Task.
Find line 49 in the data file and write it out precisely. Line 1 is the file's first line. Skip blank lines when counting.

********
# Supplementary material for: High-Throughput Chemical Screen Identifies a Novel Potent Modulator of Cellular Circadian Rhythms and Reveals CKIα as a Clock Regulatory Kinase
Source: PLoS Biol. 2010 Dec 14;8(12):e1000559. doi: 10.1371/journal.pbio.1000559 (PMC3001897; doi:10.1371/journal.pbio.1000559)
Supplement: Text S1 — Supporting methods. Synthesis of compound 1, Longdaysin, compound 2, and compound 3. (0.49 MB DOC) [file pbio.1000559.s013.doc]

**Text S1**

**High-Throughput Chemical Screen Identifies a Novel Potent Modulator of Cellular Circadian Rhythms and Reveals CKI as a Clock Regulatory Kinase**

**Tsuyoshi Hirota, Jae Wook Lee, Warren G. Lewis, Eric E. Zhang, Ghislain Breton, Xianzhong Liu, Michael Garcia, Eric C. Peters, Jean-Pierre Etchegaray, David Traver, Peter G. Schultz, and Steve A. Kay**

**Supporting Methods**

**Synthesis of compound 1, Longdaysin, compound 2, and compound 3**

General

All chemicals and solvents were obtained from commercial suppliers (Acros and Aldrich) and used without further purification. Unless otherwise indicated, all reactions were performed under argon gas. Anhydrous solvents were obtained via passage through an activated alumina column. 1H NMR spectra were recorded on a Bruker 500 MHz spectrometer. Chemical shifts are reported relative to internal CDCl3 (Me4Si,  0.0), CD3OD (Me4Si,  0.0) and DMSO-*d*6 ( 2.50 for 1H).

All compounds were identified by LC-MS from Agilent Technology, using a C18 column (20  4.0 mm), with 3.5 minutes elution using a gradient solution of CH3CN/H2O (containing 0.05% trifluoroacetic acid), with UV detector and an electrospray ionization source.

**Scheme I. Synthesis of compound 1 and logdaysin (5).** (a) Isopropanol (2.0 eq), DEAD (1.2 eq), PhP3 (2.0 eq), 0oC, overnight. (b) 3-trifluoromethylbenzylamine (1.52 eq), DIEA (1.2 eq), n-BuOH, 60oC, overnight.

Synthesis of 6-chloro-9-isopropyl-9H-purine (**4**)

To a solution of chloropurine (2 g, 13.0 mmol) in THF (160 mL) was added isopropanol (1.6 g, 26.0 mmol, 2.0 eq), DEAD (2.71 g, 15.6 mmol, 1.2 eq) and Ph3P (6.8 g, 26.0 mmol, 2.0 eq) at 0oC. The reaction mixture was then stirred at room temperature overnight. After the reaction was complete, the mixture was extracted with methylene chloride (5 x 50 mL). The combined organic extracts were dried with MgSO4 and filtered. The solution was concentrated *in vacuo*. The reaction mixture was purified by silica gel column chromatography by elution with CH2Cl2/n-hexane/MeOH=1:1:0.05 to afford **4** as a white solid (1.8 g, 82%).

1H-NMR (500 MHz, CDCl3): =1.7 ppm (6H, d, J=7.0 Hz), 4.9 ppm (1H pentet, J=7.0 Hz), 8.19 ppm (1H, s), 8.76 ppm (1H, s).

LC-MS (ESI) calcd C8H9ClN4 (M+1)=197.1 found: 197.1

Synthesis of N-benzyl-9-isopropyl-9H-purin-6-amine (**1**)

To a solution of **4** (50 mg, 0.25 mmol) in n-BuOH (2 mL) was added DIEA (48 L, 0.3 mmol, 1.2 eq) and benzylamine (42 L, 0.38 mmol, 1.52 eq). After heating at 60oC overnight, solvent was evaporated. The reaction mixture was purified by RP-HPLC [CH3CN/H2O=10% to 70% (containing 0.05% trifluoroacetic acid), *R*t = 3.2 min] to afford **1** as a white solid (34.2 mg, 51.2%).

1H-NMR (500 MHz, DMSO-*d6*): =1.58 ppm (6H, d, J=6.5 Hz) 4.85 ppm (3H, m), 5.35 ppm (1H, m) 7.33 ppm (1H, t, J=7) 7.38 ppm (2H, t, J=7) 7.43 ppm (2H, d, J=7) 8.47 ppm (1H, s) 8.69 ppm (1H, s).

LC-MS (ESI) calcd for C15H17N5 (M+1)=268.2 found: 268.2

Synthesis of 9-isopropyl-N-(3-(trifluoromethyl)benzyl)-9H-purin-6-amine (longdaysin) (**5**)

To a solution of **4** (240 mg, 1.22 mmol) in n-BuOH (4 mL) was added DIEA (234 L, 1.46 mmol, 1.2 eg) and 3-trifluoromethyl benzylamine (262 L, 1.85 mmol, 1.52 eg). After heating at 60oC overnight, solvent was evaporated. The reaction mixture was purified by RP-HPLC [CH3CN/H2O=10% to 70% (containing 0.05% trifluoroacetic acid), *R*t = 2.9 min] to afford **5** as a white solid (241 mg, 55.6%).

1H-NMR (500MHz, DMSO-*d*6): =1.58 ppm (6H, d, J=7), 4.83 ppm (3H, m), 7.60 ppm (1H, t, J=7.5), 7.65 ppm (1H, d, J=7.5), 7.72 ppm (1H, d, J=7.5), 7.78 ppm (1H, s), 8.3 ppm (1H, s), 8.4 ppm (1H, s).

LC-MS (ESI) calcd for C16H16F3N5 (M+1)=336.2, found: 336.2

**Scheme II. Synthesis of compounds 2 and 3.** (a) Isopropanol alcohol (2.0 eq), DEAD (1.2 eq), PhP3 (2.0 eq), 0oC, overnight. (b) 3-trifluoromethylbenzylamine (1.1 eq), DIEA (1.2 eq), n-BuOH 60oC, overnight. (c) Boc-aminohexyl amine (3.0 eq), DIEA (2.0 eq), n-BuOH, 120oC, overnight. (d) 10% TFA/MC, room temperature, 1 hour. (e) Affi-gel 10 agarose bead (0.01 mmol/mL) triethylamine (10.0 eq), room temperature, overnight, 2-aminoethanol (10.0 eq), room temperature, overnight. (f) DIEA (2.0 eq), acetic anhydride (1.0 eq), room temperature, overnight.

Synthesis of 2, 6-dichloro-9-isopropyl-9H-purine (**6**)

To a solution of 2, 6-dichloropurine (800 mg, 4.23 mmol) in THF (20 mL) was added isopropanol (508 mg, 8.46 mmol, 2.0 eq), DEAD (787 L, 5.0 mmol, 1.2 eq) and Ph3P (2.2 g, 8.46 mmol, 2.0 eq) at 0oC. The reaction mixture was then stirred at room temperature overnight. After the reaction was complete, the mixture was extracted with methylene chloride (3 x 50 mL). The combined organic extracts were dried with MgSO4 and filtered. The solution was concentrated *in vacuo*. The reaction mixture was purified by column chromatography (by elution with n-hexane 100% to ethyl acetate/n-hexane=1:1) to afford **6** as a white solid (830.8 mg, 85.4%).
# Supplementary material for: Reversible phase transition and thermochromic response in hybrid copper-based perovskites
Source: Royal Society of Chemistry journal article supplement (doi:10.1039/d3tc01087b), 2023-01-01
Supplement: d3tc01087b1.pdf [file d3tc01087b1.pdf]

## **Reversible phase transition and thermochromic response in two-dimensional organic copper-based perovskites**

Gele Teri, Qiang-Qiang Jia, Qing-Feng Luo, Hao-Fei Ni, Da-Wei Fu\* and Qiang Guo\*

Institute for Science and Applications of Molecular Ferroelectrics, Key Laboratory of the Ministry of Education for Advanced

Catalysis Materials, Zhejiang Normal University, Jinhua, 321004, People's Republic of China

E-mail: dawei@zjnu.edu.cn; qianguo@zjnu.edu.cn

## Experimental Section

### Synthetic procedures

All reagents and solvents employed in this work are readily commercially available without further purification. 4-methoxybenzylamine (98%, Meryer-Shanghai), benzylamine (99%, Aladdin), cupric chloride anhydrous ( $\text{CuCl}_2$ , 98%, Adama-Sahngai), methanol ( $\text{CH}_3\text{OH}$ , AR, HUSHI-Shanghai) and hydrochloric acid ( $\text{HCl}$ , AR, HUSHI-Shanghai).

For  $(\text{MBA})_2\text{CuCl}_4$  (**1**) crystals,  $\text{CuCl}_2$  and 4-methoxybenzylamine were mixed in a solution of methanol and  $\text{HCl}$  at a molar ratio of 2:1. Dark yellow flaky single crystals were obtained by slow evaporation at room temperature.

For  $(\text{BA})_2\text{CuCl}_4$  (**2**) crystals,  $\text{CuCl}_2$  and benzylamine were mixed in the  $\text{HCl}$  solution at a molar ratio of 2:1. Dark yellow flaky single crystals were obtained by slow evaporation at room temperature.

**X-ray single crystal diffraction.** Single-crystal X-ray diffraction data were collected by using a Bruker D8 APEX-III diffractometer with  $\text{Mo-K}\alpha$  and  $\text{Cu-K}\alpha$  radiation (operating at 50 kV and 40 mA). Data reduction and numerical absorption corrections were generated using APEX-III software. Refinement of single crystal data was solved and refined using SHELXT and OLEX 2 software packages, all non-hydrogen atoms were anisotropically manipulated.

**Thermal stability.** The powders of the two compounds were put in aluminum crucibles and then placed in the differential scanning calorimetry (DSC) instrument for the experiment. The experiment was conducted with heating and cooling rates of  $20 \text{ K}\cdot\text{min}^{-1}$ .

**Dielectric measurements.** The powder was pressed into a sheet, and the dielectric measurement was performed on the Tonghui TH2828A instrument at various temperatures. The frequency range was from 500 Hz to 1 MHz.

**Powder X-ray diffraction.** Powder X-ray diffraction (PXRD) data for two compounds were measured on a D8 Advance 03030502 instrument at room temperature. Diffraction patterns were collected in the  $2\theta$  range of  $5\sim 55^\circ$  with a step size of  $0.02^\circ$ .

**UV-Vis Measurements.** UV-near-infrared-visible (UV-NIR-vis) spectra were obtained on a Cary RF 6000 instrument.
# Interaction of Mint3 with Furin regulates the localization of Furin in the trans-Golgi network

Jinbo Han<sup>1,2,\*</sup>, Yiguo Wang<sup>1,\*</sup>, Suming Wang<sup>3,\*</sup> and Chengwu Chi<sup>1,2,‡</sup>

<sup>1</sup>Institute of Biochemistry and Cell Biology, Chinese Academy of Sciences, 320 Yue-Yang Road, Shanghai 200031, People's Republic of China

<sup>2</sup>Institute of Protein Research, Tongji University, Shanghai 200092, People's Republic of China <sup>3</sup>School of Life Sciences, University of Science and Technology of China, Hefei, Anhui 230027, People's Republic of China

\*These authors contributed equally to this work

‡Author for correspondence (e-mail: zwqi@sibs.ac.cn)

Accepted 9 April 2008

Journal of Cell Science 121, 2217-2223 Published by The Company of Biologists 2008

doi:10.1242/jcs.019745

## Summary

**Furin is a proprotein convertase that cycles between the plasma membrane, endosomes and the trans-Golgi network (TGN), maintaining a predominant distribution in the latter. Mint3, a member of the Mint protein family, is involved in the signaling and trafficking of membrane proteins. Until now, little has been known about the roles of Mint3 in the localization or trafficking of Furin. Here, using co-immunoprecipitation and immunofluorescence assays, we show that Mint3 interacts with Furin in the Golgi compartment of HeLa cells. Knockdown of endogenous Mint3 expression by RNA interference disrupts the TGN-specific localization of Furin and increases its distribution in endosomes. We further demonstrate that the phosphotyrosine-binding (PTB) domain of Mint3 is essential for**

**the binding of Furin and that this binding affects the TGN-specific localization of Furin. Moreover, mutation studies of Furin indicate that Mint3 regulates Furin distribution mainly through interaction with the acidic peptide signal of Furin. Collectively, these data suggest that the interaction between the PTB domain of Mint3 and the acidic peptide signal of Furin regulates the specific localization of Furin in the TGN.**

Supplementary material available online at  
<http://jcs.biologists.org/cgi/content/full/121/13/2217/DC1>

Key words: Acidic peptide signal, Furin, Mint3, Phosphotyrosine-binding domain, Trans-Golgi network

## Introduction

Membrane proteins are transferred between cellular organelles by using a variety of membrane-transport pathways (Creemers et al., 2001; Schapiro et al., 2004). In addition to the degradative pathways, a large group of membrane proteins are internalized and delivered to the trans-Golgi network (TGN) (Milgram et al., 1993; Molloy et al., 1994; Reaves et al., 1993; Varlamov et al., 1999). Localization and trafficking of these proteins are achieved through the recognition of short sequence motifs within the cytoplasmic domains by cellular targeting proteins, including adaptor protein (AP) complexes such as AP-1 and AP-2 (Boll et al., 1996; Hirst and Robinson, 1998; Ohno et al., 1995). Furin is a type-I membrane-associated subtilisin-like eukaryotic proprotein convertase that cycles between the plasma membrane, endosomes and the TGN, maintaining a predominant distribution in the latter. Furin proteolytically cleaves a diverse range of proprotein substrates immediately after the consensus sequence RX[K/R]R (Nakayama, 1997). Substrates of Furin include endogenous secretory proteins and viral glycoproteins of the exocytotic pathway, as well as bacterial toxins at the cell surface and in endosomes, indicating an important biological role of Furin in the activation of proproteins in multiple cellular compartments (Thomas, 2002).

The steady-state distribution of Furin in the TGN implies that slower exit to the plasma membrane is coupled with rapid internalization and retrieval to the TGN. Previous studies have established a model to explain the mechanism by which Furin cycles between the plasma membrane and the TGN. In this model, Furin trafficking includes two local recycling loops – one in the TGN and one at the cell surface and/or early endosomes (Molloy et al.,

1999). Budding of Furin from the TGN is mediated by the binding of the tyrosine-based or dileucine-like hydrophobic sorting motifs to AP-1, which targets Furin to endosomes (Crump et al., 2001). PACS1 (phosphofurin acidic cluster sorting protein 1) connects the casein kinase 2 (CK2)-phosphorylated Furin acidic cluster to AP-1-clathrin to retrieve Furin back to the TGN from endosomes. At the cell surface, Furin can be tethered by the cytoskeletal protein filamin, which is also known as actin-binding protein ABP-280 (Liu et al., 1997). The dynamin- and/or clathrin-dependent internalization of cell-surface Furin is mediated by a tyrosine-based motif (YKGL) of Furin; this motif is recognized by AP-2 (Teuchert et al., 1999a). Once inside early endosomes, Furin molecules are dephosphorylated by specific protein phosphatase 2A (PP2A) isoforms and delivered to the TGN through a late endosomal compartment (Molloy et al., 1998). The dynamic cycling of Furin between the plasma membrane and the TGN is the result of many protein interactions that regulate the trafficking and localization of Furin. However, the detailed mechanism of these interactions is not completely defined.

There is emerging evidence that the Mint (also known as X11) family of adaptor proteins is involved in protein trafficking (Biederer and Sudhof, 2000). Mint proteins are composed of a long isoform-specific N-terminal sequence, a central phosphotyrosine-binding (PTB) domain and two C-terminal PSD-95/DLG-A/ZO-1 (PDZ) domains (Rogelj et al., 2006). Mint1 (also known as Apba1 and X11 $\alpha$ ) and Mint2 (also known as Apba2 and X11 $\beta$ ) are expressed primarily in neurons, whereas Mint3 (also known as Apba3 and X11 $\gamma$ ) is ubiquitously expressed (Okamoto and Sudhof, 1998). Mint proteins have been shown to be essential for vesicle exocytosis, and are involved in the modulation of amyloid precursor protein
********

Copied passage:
<sup>2</sup>Institute of Protein Research, Tongji University, Shanghai 200092, People's Republic of China <sup>3</sup>School of Life Sciences, University of Science and Technology of China, Hefei, Anhui 230027, People's Republic of China